(2) Cape Lookout Light Station: This National Register nomination was prepared in 1972. Its four pages were intended to cover the lighthouse, keeper’s dwelling, generator house, coal and wood shed, and oil house. Areas of significance indicated omit Architecture and Engineering. The technical description is very scant for the lighthouse and keeper’s dwelling; it consists of two paragraphs for the former, one for the latter, and none on the other structures. Comment on the site of the first lighthouse is conjectural only. Since Jones’s HSR on the Keeper’s Dwelling (2003) and Opperman’s on the lighthouse (2008) are now available, a much more thorough NR could be prepared. Slightly more detailed information on these structures is available in the Cape Lookout Village Historic District nomination.

(3) Portsmouth Village: As this is arguably the most significant historic site within CALO’s boundaries, we concur with the recommendations in the Wiss, Janey, Elstner Associates Portsmouth Village Cultural Landscape Report, that the Portsmouth Village National Register nomination be updated to expand and define the period of significance to encompass 1753-1971; to elaborate significance under Criteria A, C, and D in the additional areas of community and maritime history, vernacular architecture, and archaeological potential; and to expand the boundary to include the Middle Community and Sheep Island, possibly based on archaeological investigations. Additionally, we suggest that the park consult with Mr. Philip Horne McGuinn at East Carolina University to determine whether the archaeological findings he uncovered at Shell Castle might merit expansion of the Portsmouth Historic District’s boundaries to include the remains of Shell Castle as well. Despite the fact that Shell Castle is outside the park boundaries, its importance to understanding the history of Portsmouth cannot be overstated. Finally, if the site does not merit National Historic Landmark status, it might qualify to be raised to “national” rather than statewide significance, possibly making the structures eligible for grant support to aid in stabilization and preservation.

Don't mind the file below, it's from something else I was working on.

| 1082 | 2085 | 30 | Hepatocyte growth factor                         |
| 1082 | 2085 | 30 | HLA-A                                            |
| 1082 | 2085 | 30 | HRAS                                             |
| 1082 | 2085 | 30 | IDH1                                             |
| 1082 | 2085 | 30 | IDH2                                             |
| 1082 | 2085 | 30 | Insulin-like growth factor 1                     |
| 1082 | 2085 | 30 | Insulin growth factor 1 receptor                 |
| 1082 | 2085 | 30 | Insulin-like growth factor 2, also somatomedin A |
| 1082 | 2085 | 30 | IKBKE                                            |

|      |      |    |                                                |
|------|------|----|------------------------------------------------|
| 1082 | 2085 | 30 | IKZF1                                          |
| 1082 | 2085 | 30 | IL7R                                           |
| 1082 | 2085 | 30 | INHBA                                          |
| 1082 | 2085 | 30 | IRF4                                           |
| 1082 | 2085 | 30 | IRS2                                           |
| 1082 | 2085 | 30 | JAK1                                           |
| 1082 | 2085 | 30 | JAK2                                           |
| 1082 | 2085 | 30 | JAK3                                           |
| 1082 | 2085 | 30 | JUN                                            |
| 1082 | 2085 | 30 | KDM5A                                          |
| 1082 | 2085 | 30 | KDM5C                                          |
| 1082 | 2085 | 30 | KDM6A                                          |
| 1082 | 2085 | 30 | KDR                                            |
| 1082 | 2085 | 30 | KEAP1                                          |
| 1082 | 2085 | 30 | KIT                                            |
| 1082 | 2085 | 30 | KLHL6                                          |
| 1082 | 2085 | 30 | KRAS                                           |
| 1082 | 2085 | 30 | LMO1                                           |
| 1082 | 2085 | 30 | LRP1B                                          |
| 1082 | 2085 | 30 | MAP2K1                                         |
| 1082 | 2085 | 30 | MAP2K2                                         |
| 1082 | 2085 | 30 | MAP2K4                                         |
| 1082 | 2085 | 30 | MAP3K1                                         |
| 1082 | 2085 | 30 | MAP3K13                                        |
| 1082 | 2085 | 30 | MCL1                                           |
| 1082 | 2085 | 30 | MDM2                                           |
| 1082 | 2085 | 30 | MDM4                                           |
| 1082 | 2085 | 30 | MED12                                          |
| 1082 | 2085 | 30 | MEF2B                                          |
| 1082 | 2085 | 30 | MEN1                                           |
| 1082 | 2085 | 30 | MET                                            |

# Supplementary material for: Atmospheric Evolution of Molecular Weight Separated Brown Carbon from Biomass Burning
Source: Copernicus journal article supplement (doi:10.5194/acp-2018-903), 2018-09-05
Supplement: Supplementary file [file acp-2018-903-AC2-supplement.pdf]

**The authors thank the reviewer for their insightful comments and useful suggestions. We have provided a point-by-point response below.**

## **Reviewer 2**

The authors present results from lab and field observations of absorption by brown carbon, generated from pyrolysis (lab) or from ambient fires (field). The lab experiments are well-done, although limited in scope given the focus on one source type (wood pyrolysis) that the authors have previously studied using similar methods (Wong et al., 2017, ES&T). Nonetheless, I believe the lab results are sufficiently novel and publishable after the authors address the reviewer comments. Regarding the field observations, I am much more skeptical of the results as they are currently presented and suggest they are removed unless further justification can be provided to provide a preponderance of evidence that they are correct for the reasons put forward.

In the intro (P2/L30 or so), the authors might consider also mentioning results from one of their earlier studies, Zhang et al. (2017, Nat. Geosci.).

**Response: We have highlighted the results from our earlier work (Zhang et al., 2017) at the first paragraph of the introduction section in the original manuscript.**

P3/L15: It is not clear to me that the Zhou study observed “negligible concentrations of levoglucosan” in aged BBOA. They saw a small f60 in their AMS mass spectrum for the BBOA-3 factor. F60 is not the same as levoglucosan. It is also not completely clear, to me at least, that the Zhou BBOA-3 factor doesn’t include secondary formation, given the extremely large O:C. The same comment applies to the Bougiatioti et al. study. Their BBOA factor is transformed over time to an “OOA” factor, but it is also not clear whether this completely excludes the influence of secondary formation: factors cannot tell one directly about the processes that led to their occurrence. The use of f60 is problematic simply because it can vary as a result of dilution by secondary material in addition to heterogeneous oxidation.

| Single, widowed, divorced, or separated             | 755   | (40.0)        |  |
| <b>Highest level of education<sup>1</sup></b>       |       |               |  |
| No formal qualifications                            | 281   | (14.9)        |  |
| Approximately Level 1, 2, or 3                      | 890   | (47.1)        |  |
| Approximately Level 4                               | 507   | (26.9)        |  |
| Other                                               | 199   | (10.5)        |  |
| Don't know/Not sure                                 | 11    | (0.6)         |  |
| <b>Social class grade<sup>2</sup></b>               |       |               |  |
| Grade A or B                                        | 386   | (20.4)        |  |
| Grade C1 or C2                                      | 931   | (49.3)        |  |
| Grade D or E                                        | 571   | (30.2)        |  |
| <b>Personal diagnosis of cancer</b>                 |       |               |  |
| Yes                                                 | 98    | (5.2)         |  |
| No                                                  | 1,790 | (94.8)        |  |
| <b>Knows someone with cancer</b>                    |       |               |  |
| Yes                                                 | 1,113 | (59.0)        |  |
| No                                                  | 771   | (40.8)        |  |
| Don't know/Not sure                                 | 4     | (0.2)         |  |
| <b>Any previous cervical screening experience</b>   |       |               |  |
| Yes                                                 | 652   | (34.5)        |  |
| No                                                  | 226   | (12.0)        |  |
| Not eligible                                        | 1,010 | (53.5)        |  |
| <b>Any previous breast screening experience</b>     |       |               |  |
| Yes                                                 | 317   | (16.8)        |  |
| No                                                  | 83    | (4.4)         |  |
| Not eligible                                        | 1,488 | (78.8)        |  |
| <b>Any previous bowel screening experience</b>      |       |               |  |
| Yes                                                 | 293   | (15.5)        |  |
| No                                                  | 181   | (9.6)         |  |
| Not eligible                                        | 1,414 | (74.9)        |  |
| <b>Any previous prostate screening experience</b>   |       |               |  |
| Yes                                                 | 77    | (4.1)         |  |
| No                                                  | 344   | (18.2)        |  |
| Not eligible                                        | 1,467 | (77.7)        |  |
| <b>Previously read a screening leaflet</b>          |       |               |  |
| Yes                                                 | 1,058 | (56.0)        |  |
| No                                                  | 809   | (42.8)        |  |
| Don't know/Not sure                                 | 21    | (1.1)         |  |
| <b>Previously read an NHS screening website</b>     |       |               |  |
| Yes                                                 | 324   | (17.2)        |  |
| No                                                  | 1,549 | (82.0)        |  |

(4) Cape Lookout Village: We concur with the recommendations in the John Milner Associates Cape Lookout Village Cultural Landscape Report (2005), Four-1 through Four-8, that the Cape Lookout Village National Register nomination could use revision to include other themes of significance (e.g., military history, for the World War II period), and to extend the historical period of significance (Four-2 through Four-5; cf. CLV NR nomination form, p. 4). The CLR urged consideration of 1812 as a beginning date for the period of significance, rather than 1857 (Four-6). The CLR also urged archeological investigation (Four-5), which seems justified. All of these CLR recommendations are congruent with our treatment of the Outer Banks as a complex and dynamic region interacting (from at least the late seventeenth century onward) with an Atlantic world, rather than as an isolated set of “barrier islands.”

We do not agree with the CLR’s observation, however, that “recreational activities” should not be included as “a significant theme in the history of Cape Lookout Village” (Four-6) because year-round residence was not normal since World War II and recreational activity was “less connected to the aspecific geographic features that made Cape Lookout an important locus for maritime safety and commercial fishing.” We think this final assertion, in particular, warrants more careful analysis.

Additional Studies Needed

(1) We concur with the Wiss Janney (2007) recommendation in their Portsmouth Village Cultural Landscape Report, 9, that HSRs be prepared for historic buildings in the village; that a systematic archeological investigation (to encompass McGuinn’s findings at Shell Castle as well, if possible) be undertaken; and that oral history interviews be done with descendents and longtime residents of area.